Kansas State University

Receiver Corey Sutton fighting Kansas State for his scholarship release

Receiver Corey Sutton tries to get open in the end zone against Missouri State. (September 24, 2016)
Receiver Corey Sutton tries to get open in the end zone against Missouri State. (September 24, 2016) The Wichita Eagle

Corey Sutton has played his final football game in a Kansas State uniform, but the Wildcats aren’t ready for him to continue his college career elsewhere.

Sutton, a 6-foot-2, 200-pound receiver from Charlotte, N.C., is having trouble getting a release from his athletic scholarship at K-State despite announcing earlier this month that he planned to transfer.

In a phone conversation Wednesday with the Eagle, Sutton said he presented K-State with a list of 35 potential transfer destinations in early May and the school denied his release to all 35 a week later. Sutton said the list didn’t contain any Big 12 schools or teams on future K-State schedules. Some were FCS and Division II. Didn’t matter. K-State blocked him everywhere.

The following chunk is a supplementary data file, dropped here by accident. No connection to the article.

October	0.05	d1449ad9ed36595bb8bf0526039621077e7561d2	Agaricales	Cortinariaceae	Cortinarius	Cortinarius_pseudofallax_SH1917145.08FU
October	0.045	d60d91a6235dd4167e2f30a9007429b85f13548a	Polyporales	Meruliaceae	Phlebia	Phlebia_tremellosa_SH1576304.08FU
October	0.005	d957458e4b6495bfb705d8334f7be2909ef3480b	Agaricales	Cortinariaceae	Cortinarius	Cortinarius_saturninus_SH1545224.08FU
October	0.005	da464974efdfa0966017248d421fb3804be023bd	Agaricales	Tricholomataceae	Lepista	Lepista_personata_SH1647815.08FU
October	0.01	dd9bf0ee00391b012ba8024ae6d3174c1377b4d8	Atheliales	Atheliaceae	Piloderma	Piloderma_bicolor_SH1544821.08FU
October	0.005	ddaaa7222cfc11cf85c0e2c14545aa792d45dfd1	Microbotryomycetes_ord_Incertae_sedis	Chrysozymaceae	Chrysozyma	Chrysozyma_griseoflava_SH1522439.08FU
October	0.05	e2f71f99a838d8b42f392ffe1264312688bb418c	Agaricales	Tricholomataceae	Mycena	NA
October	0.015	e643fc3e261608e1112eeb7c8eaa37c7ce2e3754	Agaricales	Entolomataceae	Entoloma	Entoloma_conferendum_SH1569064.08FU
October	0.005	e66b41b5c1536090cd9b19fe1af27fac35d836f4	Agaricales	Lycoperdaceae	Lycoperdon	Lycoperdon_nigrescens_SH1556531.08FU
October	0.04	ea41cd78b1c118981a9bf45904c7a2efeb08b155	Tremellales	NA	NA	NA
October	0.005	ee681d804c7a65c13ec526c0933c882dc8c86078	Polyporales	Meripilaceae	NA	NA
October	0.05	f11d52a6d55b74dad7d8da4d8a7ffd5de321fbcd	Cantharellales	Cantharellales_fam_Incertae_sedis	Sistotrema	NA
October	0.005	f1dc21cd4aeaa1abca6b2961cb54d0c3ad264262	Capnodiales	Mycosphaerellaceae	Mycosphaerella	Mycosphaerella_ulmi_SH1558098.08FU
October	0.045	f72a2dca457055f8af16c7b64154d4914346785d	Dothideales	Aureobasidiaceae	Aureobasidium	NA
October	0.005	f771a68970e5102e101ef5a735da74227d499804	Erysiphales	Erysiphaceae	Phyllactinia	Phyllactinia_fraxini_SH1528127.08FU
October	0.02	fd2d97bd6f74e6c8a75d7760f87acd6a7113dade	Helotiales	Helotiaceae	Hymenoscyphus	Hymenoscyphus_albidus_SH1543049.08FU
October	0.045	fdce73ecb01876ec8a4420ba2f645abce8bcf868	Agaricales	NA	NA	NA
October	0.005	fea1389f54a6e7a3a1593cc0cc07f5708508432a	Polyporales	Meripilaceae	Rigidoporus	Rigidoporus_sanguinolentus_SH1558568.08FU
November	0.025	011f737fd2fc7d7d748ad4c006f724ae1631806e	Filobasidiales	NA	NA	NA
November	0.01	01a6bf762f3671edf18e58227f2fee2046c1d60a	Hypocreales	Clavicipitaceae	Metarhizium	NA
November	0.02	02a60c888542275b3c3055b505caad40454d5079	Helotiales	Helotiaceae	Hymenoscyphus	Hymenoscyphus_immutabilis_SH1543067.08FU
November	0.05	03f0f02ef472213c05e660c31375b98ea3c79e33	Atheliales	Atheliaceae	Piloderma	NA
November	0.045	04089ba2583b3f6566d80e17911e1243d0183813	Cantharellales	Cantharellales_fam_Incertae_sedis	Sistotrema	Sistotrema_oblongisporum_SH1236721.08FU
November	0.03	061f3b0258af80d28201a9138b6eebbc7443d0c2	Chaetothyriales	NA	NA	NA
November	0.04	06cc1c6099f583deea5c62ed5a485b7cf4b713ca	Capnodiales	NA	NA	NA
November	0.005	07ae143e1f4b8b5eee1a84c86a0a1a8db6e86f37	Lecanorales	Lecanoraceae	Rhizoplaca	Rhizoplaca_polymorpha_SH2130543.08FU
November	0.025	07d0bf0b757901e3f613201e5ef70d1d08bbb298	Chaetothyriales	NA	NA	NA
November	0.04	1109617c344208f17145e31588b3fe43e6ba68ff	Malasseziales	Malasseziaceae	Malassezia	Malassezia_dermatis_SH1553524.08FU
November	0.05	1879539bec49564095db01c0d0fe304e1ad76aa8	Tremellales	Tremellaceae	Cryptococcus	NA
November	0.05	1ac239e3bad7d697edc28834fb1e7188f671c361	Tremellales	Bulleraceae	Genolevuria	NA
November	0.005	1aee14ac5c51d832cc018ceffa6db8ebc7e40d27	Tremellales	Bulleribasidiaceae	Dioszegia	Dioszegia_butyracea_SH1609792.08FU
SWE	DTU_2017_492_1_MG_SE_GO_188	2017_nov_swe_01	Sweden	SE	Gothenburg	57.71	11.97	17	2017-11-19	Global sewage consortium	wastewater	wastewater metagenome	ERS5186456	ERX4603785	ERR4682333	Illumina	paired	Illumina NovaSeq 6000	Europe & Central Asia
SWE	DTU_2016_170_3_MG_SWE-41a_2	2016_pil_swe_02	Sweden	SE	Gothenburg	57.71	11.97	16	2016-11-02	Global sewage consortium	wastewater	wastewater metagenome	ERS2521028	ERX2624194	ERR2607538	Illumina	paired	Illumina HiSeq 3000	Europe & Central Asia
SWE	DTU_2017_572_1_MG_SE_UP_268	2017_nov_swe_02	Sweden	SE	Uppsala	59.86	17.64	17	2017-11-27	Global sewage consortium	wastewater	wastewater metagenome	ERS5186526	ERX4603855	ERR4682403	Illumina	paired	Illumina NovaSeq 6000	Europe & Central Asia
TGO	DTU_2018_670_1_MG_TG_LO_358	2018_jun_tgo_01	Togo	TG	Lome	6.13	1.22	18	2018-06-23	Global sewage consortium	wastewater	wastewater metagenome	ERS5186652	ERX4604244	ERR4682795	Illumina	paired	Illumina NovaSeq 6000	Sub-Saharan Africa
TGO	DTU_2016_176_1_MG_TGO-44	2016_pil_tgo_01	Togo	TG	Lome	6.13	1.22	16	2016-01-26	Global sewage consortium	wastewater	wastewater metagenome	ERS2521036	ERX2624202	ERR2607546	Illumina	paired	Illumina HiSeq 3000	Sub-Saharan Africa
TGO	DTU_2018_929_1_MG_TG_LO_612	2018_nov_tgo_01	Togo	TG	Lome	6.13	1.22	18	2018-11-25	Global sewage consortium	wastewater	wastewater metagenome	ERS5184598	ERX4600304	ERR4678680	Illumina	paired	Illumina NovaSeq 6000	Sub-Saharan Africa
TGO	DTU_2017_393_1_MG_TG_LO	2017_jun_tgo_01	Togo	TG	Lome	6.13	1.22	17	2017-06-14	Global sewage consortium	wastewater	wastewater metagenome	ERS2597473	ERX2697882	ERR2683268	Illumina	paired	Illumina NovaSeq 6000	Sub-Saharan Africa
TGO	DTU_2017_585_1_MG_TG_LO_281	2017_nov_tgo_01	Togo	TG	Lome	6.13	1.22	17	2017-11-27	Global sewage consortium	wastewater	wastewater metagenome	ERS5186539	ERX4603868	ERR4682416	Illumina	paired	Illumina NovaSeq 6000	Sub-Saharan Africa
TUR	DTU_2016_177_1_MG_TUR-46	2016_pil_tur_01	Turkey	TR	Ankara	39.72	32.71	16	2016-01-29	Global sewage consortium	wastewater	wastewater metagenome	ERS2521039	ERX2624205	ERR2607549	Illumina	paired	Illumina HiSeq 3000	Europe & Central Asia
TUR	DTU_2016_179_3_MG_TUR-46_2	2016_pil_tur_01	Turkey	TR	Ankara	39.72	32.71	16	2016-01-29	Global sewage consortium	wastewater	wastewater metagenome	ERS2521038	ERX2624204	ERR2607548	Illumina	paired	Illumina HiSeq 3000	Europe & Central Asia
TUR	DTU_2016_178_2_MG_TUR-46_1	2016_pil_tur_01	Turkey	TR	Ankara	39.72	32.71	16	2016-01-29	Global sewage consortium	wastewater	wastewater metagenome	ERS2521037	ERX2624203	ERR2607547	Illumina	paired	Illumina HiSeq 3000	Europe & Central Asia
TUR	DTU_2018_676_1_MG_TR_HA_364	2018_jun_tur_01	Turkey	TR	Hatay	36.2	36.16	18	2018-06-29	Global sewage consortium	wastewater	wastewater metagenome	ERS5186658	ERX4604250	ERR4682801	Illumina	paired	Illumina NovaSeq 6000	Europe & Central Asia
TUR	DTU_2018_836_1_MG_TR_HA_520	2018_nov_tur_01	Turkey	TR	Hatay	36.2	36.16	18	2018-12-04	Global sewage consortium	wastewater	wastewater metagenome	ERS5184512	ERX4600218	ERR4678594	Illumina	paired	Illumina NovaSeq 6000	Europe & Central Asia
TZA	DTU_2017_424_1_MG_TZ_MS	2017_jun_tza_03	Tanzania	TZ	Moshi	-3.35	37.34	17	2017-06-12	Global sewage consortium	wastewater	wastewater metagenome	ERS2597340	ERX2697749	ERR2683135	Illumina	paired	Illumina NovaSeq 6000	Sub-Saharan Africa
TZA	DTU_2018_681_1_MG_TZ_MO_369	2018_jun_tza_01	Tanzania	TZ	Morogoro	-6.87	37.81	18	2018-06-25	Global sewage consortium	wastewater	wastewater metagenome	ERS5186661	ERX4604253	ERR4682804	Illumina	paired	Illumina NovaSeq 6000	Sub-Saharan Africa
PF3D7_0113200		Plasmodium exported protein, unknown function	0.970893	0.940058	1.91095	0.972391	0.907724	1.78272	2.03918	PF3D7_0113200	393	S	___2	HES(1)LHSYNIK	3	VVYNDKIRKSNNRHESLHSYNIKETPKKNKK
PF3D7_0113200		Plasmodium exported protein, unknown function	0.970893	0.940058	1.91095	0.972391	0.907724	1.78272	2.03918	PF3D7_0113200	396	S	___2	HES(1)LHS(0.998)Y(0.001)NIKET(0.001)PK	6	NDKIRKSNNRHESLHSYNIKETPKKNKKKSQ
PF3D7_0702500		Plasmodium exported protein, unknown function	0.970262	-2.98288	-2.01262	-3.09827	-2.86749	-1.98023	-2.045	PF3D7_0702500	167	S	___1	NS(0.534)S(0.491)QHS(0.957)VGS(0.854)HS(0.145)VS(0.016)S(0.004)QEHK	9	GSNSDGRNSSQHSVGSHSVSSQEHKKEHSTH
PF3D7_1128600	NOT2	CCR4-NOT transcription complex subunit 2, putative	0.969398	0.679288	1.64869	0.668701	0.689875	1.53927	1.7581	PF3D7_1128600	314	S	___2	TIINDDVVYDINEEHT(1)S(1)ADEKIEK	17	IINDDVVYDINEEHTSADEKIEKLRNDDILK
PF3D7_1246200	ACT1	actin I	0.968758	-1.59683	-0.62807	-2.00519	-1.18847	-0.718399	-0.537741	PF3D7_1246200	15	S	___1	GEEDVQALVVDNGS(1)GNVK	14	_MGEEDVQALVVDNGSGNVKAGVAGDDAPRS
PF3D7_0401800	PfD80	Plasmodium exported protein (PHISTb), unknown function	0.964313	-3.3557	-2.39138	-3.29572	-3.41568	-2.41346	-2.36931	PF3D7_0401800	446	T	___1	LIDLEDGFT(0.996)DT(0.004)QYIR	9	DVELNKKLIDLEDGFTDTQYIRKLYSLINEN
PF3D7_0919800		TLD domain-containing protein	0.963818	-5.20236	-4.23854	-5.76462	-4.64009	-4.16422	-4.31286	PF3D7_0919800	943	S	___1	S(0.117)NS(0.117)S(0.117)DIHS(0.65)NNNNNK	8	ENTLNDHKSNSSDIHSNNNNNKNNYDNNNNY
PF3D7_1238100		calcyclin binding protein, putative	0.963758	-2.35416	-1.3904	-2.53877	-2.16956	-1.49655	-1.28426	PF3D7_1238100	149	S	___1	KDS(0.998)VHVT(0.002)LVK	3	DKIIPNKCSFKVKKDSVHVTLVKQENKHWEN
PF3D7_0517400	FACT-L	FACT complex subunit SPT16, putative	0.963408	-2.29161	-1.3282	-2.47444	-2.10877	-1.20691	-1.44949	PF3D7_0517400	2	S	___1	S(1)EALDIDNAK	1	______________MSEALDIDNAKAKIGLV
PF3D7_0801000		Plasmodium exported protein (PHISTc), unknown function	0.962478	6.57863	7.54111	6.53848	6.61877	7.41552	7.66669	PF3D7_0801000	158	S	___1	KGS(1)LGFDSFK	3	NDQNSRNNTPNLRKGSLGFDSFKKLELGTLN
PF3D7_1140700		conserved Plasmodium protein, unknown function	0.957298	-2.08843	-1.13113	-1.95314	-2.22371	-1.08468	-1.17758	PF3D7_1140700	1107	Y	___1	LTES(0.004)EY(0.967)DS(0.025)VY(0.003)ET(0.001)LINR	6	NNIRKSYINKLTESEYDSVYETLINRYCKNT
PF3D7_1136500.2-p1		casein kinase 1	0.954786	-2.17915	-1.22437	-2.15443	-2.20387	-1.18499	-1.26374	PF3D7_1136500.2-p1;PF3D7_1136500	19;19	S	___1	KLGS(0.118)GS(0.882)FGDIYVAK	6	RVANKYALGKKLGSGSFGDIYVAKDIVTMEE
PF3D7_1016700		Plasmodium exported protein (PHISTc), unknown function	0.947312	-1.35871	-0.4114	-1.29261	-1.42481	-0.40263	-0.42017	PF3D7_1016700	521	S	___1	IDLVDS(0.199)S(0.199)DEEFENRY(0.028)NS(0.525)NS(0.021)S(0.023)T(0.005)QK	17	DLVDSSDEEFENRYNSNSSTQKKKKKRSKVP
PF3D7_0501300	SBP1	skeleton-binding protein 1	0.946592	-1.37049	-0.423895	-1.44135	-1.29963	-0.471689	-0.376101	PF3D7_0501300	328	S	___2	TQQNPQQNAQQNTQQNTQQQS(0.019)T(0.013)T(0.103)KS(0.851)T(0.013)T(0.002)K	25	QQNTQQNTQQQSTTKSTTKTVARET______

He appealed that ruling, but K-State upheld it on Wednesday.

“When I originally told Coach Snyder I was going to transfer he said, ‘Well, Corey, I feel bad that you want to leave, but I can’t make you stay,’ ” Sutton said. “I dropped all my classes, moved out of Kansas and started looking at my options, then I find out they are denying me my release.

“Coach Snyder told me today that when I signed my letter of intent that was my commitment to him, that I was going to be there for four years. I heard that and told him, ‘Coaches can leave. So why can’t a player leave? You made a commitment to me that you were going to treat me the right way and that’s not what you’re doing.’ 

Sutton later clarified he only dropped future classes and finished the spring semester in good academic standing with a 3.0 GPA.

Snyder addressed the Sutton situation at a Catbackers event in Overland Park on Thursday.